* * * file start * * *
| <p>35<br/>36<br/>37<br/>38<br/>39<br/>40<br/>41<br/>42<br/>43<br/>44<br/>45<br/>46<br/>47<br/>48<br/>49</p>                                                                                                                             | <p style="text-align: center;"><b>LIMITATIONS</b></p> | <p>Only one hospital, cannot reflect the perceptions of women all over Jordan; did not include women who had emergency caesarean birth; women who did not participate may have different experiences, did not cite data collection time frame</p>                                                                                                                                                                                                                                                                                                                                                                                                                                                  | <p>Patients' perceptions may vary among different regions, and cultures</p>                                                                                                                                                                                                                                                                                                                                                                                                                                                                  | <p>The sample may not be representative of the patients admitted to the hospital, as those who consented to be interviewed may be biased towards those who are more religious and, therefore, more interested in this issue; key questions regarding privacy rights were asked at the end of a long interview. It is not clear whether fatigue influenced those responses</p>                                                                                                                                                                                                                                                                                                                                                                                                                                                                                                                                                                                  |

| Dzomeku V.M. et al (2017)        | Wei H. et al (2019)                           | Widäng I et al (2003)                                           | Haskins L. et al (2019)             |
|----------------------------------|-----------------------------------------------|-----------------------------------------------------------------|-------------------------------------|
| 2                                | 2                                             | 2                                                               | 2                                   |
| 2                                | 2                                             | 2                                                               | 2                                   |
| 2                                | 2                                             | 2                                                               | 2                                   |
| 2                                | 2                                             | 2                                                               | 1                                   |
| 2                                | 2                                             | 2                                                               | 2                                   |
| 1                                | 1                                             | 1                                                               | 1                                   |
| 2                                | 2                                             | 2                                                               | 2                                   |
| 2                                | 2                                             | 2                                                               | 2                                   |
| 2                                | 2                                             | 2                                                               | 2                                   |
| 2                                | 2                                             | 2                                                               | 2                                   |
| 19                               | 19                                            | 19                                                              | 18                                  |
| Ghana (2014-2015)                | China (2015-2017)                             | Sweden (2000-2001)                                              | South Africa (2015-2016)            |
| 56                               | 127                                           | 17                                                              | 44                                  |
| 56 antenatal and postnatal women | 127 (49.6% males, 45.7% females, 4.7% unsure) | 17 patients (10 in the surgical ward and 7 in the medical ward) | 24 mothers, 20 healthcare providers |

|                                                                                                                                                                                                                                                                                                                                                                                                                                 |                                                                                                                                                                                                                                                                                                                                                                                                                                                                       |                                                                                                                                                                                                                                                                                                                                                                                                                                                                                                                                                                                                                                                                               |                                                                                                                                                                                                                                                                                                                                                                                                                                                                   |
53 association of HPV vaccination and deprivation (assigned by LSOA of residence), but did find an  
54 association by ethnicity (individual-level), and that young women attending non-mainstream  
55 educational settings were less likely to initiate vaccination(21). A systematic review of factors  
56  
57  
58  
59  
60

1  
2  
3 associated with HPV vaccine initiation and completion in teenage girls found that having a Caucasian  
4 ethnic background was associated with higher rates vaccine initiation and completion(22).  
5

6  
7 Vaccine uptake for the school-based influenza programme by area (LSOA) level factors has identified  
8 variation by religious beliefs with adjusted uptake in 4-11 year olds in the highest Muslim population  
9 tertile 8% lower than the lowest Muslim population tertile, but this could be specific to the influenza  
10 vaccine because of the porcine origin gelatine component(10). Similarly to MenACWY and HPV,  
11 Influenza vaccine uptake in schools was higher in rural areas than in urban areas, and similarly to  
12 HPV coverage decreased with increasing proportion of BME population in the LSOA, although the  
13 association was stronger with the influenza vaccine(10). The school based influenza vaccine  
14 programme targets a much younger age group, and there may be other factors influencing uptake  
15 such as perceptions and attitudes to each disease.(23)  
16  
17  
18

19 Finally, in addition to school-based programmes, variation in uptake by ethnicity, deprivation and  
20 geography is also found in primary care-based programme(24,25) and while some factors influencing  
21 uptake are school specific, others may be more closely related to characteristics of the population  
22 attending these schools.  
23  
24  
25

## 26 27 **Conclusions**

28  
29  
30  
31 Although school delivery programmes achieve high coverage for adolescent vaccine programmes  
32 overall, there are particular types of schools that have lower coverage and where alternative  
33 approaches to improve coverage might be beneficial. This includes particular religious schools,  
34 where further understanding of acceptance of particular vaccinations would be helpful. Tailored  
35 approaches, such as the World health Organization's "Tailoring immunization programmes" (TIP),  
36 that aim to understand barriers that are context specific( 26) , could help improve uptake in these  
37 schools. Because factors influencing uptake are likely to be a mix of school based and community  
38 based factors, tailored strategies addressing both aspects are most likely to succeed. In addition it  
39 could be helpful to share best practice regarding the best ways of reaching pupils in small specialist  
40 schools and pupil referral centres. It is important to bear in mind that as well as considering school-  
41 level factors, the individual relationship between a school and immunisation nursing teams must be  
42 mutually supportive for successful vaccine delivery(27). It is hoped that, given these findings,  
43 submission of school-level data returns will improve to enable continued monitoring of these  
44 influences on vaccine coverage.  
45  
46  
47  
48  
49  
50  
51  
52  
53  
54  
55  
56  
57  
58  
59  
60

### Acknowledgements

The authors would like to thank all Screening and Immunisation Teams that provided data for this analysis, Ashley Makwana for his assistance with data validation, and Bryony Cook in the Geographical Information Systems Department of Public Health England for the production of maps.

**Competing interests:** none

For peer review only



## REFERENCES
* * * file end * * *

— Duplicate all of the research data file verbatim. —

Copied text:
| <p>35<br/>36<br/>37<br/>38<br/>39<br/>40<br/>41<br/>42<br/>43<br/>44<br/>45<br/>46<br/>47<br/>48<br/>49</p>                                                                                                                             | <p style="text-align: center;"><b>LIMITATIONS</b></p> | <p>Only one hospital, cannot reflect the perceptions of women all over Jordan; did not include women who had emergency caesarean birth; women who did not participate may have different experiences, did not cite data collection time frame</p>                                                                                                                                                                                                                                                                                                                                                                                                                                                  | <p>Patients' perceptions may vary among different regions, and cultures</p>                                                                                                                                                                                                                                                                                                                                                                                                                                                                  | <p>The sample may not be representative of the patients admitted to the hospital, as those who consented to be interviewed may be biased towards those who are more religious and, therefore, more interested in this issue; key questions regarding privacy rights were asked at the end of a long interview. It is not clear whether fatigue influenced those responses</p>                                                                                                                                                                                                                                                                                                                                                                                                                                                                                                                                                                                  |

| Dzomeku V.M. et al (2017)        | Wei H. et al (2019)                           | Widäng I et al (2003)                                           | Haskins L. et al (2019)             |
|----------------------------------|-----------------------------------------------|-----------------------------------------------------------------|-------------------------------------|
| 2                                | 2                                             | 2                                                               | 2                                   |
| 2                                | 2                                             | 2                                                               | 2                                   |
| 2                                | 2                                             | 2                                                               | 2                                   |
| 2                                | 2                                             | 2                                                               | 1                                   |
| 2                                | 2                                             | 2                                                               | 2                                   |
| 1                                | 1                                             | 1                                                               | 1                                   |
| 2                                | 2                                             | 2                                                               | 2                                   |
| 2                                | 2                                             | 2                                                               | 2                                   |
| 2                                | 2                                             | 2                                                               | 2                                   |
| 2                                | 2                                             | 2                                                               | 2                                   |
| 19                               | 19                                            | 19                                                              | 18                                  |
| Ghana (2014-2015)                | China (2015-2017)                             | Sweden (2000-2001)                                              | South Africa (2015-2016)            |
| 56                               | 127                                           | 17                                                              | 44                                  |
| 56 antenatal and postnatal women | 127 (49.6% males, 45.7% females, 4.7% unsure) | 17 patients (10 in the surgical ward and 7 in the medical ward) | 24 mothers, 20 healthcare providers |

|                                                                                                                                                                                                                                                                                                                                                                                                                                 |                                                                                                                                                                                                                                                                                                                                                                                                                                                                       |                                                                                                                                                                                                                                                                                                                                                                                                                                                                                                                                                                                                                                                                               |                                                                                                                                                                                                                                                                                                                                                                                                                                                                   |
53 association of HPV vaccination and deprivation (assigned by LSOA of residence), but did find an  
54 association by ethnicity (individual-level), and that young women attending non-mainstream  
55 educational settings were less likely to initiate vaccination(21). A systematic review of factors  
56  
57  
58  
59  
60

1  
2  
3 associated with HPV vaccine initiation and completion in teenage girls found that having a Caucasian  
4 ethnic background was associated with higher rates vaccine initiation and completion(22).  
5

6  
7 Vaccine uptake for the school-based influenza programme by area (LSOA) level factors has identified  
8 variation by religious beliefs with adjusted uptake in 4-11 year olds in the highest Muslim population  
9 tertile 8% lower than the lowest Muslim population tertile, but this could be specific to the influenza  
10 vaccine because of the porcine origin gelatine component(10). Similarly to MenACWY and HPV,  
11 Influenza vaccine uptake in schools was higher in rural areas than in urban areas, and similarly to  
12 HPV coverage decreased with increasing proportion of BME population in the LSOA, although the  
13 association was stronger with the influenza vaccine(10). The school based influenza vaccine  
14 programme targets a much younger age group, and there may be other factors influencing uptake  
15 such as perceptions and attitudes to each disease.(23)  
16  
17  
18

19 Finally, in addition to school-based programmes, variation in uptake by ethnicity, deprivation and  
20 geography is also found in primary care-based programme(24,25) and while some factors influencing  
21 uptake are school specific, others may be more closely related to characteristics of the population  
22 attending these schools.  
23  
24  
25

## 26 27 **Conclusions**

28  
29  
30  
31 Although school delivery programmes achieve high coverage for adolescent vaccine programmes  
32 overall, there are particular types of schools that have lower coverage and where alternative  
33 approaches to improve coverage might be beneficial. This includes particular religious schools,  
34 where further understanding of acceptance of particular vaccinations would be helpful. Tailored  
35 approaches, such as the World health Organization's "Tailoring immunization programmes" (TIP),  
36 that aim to understand barriers that are context specific( 26) , could help improve uptake in these  
37 schools. Because factors influencing uptake are likely to be a mix of school based and community  
38 based factors, tailored strategies addressing both aspects are most likely to succeed. In addition it  
39 could be helpful to share best practice regarding the best ways of reaching pupils in small specialist  
40 schools and pupil referral centres. It is important to bear in mind that as well as considering school-  
41 level factors, the individual relationship between a school and immunisation nursing teams must be  
42 mutually supportive for successful vaccine delivery(27). It is hoped that, given these findings,  
43 submission of school-level data returns will improve to enable continued monitoring of these  
44 influences on vaccine coverage.  
45  
46  
47  
48  
49  
50  
51  
52  
53  
54  
55  
56  
57  
58  
59  
60

### Acknowledgements

The authors would like to thank all Screening and Immunisation Teams that provided data for this analysis, Ashley Makwana for his assistance with data validation, and Bryony Cook in the Geographical Information Systems Department of Public Health England for the production of maps.

**Competing interests:** none

For peer review only



## REFERENCES